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structure of the agent; this is handled by the handle_sensing/4 predicate defined in the projector. Similarly, the projector may provide progression facilities by implementing the predicate handle_rolling/2. We illustrate the projector module by briefly describing the one used for modeling the Wumpus World domain [92]. This projector is an extension of the classical formula evaluator used for Golog in [62, 24], so as to handle some limited forms of incomplete knowledge. To that end, the evaluator deals with the so-called possible values that (functional) fluents may take at a certain history. We say that a fluent is known at h only when it has exactly one possible value at h. For a detailed description and semantics of this type of knowledge-based theories we refer to [100, 59]. We assume then that users provide definitions for each of the following predicates for fluent f , action a, sensing result r, formula w, and arbitrary value v: • • • •

fluent(f ), f is a ground fluent; action(a), a is a ground action; init(f, v), initially, v is a possible value for f ; poss(a, w), it is possible to execute action a provided formula w is known to be true; • causes(a, f, v, w), action a affects the value of f : when a occurs and w is possibly true, v is a possible value for f ; • settles(a, r, f, v, w), action a with result r provides sensing information about f : when this happens and w is known to be true, v is the only possible value for f ; • rejects(a, r, f, v, w), action a with result r provides sensing information about f : when w is known to be true, v is not a possible value for f . Formulas are represented in Prolog using the obvious names for the logical operators and with all situations suppressed; histories are represented by lists of the form o(a, r) where a represents an action and r a sensing result. We will not go over how formulas are recursively evaluated, but just note that the procedure is implemented using the following four predicates: (i) kTrue(w, h) is the main and top-level predicate and it tests if the formula w is known to be true in history h; (ii) mTrue(w, h) is used to test if w is possibly true at h; (iii) subf(w1 , w2 , h) holds when w2 is the result of replacing each fluent in w1 by one of its possible values in history h; and (iv) mval(f, v, h) calculates the possible values v for fluent f in history h and is implemented as follows: mval(F,V,[]) :- init(F,V). mval(F,V,[o(A,R)|H]) :causes(A,F,_,_), !, causes(A,F,V,W), mTrue(W,H). mval(F,V,[o(A,R)|H]) :- settles(A,R,F,V1,W), kTrue(W,H), !, V=V1. mval(F,V,[o(A,R)|H]) :mval(F,V,H), \+(rejects(A,R,F,V,W), kTrue(W,H)).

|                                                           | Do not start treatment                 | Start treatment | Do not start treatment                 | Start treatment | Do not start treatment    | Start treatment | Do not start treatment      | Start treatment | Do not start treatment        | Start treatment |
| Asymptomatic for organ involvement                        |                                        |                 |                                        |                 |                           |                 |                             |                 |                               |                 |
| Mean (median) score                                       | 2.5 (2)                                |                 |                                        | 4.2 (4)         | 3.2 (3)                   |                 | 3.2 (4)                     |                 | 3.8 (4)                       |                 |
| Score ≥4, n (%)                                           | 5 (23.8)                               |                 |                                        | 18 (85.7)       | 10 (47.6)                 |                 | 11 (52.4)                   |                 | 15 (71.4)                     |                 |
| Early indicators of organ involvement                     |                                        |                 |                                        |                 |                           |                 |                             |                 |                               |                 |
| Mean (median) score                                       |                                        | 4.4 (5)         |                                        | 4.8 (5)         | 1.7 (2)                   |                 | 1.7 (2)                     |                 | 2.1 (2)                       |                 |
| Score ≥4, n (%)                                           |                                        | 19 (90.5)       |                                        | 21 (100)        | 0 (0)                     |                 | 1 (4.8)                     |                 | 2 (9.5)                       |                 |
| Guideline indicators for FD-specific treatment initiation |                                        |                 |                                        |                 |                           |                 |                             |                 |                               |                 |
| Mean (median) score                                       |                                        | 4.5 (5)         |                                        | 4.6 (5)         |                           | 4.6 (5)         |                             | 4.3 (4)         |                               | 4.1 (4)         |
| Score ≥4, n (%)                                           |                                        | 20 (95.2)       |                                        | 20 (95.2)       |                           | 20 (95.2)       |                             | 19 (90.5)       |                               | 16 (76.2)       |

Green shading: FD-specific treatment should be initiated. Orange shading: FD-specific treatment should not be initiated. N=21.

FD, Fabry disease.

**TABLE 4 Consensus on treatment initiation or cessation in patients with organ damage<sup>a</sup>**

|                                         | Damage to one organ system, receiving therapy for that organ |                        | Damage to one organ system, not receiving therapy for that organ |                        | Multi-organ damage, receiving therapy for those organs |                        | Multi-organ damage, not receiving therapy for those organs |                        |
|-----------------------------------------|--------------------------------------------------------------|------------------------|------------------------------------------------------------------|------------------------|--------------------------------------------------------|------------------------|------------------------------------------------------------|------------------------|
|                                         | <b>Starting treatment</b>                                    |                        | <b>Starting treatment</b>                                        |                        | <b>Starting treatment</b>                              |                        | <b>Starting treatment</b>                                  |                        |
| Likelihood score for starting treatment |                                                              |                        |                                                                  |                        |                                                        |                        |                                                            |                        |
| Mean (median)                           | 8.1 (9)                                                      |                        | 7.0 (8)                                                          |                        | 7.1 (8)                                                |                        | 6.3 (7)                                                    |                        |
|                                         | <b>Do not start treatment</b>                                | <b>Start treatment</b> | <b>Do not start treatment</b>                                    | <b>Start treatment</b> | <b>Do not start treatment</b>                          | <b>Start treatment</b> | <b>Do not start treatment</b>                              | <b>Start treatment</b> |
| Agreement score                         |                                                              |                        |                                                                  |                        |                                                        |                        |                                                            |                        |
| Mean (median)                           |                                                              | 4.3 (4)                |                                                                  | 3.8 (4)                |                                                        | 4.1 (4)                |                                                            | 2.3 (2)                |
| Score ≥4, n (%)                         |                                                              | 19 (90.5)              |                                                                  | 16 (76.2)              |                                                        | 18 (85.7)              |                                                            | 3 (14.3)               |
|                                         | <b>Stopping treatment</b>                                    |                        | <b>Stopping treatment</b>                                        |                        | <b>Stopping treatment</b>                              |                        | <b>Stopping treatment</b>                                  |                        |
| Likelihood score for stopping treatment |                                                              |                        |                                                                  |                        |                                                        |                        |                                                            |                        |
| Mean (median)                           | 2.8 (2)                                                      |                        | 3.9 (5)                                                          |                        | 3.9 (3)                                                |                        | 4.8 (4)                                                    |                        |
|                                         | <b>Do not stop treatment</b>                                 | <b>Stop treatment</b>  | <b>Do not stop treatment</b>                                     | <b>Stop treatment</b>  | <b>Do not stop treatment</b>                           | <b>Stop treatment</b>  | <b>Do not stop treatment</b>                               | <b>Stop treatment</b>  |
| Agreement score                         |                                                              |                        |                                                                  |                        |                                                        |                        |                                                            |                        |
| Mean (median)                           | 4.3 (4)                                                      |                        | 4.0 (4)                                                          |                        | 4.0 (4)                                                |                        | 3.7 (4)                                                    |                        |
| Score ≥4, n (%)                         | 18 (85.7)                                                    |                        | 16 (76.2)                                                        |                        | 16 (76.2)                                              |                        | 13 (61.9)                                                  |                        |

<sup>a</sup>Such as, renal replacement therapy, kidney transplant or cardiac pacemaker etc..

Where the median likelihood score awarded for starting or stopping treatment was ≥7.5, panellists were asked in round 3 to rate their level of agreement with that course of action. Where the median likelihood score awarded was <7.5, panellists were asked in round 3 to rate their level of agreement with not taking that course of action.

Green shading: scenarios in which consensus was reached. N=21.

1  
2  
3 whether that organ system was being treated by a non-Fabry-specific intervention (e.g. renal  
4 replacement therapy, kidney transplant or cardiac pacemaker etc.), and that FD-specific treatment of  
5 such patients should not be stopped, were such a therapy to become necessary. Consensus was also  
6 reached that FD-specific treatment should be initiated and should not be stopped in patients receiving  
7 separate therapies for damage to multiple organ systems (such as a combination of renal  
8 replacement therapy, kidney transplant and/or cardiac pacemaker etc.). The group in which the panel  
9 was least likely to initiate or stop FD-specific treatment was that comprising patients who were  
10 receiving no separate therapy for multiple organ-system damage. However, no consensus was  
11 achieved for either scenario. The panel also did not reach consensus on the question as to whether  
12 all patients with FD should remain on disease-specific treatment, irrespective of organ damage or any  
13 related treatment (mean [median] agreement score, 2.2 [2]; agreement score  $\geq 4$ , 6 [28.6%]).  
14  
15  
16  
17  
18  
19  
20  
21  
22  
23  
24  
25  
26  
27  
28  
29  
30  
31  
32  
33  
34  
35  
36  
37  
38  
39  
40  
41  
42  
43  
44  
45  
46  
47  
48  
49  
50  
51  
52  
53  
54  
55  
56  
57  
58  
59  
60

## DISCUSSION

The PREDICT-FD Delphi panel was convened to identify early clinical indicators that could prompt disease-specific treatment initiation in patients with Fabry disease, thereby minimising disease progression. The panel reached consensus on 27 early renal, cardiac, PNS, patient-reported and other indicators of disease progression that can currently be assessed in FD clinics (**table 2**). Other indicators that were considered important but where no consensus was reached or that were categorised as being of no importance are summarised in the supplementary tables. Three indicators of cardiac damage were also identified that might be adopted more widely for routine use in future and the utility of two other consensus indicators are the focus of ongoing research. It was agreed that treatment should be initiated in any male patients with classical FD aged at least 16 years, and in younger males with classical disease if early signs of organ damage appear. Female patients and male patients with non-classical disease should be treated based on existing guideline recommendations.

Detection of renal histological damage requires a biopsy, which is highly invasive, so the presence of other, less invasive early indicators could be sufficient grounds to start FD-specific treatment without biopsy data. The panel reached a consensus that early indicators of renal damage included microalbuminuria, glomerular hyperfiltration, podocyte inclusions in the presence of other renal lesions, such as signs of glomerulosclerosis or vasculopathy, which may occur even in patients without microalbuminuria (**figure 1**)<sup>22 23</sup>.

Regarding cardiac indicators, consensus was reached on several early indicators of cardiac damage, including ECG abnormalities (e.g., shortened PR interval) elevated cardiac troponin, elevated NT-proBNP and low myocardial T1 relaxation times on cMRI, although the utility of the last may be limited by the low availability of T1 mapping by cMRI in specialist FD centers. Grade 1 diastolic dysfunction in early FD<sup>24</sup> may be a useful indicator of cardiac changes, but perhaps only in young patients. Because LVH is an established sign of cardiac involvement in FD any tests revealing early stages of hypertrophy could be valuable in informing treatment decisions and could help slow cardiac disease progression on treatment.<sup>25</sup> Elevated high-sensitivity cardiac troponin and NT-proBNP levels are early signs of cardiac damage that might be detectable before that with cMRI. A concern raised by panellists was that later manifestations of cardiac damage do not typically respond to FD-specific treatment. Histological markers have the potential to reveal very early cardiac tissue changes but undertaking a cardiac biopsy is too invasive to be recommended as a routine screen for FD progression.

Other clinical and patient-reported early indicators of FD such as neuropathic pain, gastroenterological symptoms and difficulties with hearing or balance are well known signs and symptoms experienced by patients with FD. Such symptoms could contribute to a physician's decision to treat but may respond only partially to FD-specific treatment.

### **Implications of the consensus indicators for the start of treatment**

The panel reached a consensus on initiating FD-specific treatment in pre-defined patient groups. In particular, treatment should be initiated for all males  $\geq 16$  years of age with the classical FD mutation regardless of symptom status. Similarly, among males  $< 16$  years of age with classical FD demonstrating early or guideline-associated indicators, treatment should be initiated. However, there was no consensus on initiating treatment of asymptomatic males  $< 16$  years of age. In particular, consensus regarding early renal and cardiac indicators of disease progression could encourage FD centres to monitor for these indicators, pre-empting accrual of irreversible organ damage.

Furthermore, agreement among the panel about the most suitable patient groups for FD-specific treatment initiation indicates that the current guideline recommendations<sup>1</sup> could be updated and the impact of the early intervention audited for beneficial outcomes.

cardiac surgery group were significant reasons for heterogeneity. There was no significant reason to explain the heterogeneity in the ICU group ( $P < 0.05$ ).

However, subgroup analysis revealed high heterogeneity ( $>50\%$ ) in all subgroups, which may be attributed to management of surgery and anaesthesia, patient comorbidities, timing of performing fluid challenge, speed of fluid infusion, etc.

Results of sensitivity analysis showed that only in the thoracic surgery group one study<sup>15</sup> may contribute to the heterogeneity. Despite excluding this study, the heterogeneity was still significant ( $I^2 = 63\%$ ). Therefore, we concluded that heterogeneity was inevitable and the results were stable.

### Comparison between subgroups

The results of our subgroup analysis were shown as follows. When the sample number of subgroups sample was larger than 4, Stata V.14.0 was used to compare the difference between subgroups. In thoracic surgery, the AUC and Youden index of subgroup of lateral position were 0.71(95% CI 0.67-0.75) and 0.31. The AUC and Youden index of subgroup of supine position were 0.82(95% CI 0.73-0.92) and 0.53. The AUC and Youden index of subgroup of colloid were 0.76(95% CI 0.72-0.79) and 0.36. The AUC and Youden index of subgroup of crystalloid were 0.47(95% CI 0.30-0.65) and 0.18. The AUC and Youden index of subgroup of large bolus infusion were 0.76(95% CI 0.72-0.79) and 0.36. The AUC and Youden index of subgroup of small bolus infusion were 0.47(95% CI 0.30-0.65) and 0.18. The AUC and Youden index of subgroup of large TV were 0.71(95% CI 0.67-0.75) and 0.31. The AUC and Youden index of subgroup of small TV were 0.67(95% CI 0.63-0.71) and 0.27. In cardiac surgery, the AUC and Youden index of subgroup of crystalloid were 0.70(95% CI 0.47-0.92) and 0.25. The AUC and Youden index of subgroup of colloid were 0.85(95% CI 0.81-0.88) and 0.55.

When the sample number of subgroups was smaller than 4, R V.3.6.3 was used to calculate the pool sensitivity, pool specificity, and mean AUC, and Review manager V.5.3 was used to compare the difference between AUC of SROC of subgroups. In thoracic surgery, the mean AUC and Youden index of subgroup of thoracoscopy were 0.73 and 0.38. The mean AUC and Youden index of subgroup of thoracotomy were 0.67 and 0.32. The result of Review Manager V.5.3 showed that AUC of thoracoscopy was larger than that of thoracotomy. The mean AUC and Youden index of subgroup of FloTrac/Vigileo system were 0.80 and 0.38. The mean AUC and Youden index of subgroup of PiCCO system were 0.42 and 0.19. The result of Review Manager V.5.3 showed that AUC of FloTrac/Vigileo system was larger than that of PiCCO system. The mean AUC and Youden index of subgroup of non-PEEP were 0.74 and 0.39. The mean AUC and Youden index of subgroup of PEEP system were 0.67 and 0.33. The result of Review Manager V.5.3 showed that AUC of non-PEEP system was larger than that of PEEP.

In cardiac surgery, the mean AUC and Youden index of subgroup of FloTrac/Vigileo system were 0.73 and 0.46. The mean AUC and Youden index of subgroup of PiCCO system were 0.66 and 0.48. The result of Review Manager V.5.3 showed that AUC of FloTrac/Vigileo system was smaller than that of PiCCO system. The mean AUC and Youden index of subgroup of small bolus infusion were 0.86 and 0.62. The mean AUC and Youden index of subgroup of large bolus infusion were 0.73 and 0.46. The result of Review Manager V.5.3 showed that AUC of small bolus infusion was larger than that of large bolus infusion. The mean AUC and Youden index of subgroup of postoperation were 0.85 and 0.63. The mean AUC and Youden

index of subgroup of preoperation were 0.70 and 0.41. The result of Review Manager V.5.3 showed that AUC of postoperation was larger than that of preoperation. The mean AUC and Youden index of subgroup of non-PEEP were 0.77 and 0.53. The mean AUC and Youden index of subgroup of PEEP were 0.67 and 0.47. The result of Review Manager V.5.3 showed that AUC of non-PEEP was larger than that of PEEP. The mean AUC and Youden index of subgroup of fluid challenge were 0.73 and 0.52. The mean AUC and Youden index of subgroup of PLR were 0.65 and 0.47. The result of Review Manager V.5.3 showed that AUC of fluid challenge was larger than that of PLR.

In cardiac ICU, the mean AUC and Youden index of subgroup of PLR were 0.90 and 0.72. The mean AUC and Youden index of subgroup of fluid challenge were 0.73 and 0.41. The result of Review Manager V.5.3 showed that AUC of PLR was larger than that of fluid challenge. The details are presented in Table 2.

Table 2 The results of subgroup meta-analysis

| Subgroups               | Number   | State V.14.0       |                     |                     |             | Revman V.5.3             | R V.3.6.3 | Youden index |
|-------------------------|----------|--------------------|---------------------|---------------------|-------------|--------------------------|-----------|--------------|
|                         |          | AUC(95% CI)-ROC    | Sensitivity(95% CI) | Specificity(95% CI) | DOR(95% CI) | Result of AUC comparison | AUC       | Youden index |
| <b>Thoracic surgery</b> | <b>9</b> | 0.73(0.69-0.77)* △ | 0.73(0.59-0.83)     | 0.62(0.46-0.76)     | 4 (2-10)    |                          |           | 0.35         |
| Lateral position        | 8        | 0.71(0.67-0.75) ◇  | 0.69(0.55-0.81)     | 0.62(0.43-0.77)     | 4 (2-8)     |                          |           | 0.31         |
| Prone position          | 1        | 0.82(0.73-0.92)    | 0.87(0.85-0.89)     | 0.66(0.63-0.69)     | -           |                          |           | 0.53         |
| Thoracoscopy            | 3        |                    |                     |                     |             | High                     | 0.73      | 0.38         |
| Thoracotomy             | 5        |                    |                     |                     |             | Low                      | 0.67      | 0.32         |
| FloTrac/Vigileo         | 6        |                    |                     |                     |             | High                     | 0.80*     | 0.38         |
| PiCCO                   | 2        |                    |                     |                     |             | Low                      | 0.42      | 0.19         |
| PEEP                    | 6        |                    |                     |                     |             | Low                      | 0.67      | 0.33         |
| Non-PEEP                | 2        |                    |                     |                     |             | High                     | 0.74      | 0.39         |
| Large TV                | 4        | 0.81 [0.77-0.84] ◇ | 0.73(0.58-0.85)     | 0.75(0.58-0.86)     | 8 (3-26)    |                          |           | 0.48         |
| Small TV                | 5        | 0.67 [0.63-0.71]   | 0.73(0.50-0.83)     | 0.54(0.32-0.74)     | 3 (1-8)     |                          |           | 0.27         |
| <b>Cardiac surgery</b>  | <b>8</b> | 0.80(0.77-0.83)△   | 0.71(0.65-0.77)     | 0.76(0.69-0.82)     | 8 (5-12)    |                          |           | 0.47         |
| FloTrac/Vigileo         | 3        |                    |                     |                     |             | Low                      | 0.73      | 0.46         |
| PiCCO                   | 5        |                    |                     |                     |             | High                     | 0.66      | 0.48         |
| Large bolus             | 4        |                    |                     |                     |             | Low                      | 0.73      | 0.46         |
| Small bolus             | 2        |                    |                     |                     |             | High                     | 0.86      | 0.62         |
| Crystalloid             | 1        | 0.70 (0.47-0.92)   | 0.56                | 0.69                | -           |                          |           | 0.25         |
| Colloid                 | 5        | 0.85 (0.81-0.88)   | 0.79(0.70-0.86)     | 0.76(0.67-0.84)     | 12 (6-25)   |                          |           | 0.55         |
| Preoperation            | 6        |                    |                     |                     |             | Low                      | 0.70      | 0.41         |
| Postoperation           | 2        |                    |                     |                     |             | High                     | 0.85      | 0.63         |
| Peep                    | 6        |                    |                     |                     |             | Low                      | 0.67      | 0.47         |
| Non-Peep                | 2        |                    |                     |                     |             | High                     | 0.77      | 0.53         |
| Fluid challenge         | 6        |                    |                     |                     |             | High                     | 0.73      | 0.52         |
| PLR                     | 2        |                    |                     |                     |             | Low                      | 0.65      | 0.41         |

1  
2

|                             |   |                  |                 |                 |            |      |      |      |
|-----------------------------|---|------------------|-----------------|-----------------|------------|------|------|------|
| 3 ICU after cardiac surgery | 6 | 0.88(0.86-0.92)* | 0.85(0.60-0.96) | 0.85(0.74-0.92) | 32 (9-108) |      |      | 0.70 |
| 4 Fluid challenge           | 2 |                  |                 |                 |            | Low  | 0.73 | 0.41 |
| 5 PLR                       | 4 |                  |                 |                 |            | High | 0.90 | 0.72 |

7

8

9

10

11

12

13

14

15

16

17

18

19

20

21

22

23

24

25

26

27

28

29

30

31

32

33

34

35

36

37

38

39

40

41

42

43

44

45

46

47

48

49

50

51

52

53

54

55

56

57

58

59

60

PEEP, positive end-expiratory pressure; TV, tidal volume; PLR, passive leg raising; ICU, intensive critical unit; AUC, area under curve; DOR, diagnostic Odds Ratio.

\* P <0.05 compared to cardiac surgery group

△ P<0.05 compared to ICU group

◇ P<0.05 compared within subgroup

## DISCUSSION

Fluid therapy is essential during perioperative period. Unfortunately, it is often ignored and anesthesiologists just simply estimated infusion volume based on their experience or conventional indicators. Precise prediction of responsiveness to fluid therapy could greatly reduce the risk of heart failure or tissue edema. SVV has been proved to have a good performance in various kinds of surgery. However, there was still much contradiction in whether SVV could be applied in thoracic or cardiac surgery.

So for the empty history, we use the initial possible values. Otherwise, for histories whose last action is a with result r, if f is changed by a with result r, we

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return any value v for which the condition w is possibly true; if a with result r senses the value of f , we return the value v for which the condition is known; otherwise, we return any value v that was a possible value in the previous history h and that is not rejected by action a with result r. This provides a solution to the frame problem: if a is an action that does not affect or sense for fluent f , then the possible values for f after doing a are the same as before. Finally, the interface of the module is defined as follows: eval(F,H,true) :- kTrue(F,H). eval(F,H,false) :- kTrue(neg(F),H).